A lot of the newer (and older), smaller roses are great for growing in vietnam ceramic planters on your patio, deck or even out in your garden. I’ve always felt they look terrific with plants like herbs spilling out the sides.
But if you live in a climate that gets a real winter what do you with the vietnam ceramic planters and the rose when those cold north winds come blowing through? If you leave the rose outside it will likely die from the cold, but since roses need full sun you can’t bring it inside. Or can you?
Yes, you can and you should. During winter a rose is totally dormant and because of this it doesn’t matter if it’s in the sun or not. Now, I don’t advocate shutting it in a dark closet, but a non-heated room with some natural light is perfect. Like a garage near a window.
Because you want the rose to stay dormant during winter and placing it in a heated room will wake it up. And once woken up it will need sunshine and since it’s too cold to put the rose outside….. well, you get the picture.
Simply wait for the rose to go naturally dormant and when that first deep freeze is forecast, like 25 F (-4 C) or below, go ahead and bring it inside. Once inside don’t let the soil dry out but don’t water it regularly either. Since the rose is dormant it won’t be taking up water. Just make sure the soil remains slightly moist and you’ll be fine
Come spring when the rose starts to wake up take it back outside. If you get an unexpected late spring freeze bring it back inside or just throw a blanket over it.
Roses in vietnam ceramic planters are a wonderful sight in any garden and even if you live in a cold climate keeping them for years to come is a snap.
Evergreen boughs, interesting pods and cones, and colorful stems and berries are just some of the botanical materials you can weave into a tall ceramic pots for plants design. If you are fortunate enough to live in a warm part of the country, living plants are also an option. In regions where freezing temperatures are the norm, gardeners should be aware that the living selections available to them, such as conifers and hardy boxwood, will contribute to big outdoor ceramic planters aesthetics but may not survive winter; extreme temperature changes are often too harsh for their sensitive roots.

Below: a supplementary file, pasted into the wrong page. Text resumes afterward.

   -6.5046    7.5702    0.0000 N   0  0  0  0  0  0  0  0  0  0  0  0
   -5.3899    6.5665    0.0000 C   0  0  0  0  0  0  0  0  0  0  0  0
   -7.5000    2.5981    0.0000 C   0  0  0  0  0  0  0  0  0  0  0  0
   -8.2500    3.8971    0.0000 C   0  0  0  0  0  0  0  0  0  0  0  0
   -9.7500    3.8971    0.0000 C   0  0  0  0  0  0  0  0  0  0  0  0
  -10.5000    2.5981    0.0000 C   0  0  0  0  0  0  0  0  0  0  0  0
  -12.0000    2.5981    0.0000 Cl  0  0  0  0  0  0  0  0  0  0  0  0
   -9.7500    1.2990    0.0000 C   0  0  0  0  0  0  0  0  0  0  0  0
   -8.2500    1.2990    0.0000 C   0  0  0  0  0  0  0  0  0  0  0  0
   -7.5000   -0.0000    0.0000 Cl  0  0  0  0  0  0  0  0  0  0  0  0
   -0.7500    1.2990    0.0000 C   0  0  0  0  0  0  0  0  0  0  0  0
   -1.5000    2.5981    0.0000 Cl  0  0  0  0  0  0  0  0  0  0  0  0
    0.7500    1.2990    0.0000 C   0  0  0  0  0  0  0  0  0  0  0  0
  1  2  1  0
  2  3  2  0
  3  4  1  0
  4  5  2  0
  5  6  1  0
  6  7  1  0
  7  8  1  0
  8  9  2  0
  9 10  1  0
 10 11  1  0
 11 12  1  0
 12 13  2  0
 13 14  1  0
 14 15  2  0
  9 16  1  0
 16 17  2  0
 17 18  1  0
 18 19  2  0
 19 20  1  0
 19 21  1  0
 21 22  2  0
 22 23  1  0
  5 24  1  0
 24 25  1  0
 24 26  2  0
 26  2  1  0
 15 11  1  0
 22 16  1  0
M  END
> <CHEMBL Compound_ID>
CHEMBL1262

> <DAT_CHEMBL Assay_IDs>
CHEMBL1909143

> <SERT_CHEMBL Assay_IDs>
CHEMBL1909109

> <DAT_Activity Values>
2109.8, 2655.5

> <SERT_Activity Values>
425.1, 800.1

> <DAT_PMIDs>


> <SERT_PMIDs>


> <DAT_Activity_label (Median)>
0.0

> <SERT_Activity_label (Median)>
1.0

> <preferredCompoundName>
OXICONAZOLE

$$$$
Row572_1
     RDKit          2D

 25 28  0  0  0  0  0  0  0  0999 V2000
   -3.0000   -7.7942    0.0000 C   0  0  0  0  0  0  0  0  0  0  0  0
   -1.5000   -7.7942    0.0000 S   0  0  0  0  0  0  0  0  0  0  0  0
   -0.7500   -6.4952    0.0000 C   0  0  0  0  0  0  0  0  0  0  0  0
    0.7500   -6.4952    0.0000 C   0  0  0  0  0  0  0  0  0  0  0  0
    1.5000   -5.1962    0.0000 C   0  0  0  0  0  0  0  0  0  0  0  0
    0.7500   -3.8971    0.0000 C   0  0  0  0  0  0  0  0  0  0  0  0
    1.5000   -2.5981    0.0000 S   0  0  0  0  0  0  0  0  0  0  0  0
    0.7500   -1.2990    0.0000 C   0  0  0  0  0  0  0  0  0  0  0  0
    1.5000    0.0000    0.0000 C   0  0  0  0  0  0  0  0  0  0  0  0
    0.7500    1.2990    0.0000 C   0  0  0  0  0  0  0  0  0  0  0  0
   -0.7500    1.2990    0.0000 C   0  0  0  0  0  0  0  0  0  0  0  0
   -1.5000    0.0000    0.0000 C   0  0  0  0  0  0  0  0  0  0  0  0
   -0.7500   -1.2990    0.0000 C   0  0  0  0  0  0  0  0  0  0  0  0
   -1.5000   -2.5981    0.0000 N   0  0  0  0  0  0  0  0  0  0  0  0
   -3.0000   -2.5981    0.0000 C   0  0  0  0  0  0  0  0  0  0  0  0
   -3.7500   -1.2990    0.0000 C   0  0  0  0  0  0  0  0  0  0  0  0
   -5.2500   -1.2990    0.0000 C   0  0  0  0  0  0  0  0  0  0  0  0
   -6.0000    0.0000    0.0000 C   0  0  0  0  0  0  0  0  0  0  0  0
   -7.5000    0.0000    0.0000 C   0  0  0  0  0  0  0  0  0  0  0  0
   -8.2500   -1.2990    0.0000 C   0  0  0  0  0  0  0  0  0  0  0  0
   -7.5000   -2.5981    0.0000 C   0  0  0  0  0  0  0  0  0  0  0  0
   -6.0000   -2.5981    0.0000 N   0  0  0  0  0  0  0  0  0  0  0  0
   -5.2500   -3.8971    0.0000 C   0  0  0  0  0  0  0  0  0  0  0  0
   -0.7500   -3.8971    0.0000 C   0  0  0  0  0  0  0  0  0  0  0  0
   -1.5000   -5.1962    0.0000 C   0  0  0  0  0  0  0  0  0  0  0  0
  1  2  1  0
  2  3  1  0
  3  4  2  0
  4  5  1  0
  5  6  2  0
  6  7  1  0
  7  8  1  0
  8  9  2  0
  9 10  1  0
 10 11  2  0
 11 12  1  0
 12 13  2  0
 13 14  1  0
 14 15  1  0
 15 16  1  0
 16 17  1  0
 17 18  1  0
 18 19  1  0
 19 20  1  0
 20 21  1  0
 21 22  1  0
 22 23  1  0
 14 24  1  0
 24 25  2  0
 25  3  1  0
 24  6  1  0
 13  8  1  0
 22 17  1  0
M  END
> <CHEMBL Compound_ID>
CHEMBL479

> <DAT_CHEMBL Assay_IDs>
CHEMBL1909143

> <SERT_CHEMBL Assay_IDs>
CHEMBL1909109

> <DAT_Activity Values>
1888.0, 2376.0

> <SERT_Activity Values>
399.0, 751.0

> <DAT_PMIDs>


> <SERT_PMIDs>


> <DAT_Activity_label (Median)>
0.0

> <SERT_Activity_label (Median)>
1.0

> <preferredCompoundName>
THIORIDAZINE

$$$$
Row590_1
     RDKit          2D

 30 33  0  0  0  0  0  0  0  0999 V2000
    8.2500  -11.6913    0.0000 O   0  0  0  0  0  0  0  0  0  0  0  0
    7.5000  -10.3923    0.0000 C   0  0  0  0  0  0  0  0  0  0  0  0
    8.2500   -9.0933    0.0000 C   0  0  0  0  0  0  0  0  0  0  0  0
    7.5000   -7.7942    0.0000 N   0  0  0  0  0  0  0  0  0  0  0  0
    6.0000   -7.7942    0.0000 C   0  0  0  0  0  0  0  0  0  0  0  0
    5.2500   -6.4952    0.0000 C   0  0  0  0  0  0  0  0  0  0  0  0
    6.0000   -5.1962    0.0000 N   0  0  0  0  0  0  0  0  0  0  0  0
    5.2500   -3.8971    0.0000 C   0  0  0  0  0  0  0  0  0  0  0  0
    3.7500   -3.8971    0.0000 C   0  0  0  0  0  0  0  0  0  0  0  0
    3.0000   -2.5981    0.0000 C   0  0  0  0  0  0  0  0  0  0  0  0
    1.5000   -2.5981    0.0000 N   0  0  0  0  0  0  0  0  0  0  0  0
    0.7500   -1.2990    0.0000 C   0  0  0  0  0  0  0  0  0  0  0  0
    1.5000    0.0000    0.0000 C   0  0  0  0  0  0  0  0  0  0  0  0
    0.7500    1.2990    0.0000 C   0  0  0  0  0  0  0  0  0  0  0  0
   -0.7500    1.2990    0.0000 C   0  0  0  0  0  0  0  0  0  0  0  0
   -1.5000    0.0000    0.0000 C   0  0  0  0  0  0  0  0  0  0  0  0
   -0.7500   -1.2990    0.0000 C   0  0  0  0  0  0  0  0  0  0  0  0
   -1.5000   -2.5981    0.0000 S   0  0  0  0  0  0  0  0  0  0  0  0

If a material looks good and stands up to winter weather, why not reuse it from year to year? The reusable red bamboo poles in this pot offer a strong vertical accent, while living variegated boxwood provides more verticality and a striking backdrop.
Tall, bold gestures such as these are especially important in winter designs. People aren’t as likely to stop and linger when the weather is blustery, so designs need to read well from a distance. For this tall ceramic pots for plants, I wrapped dried magnolia leaves around African knobs (available at dried-flower retailers). Reconstructing natural materials and arranging them in clusters is another great way to make designs pop.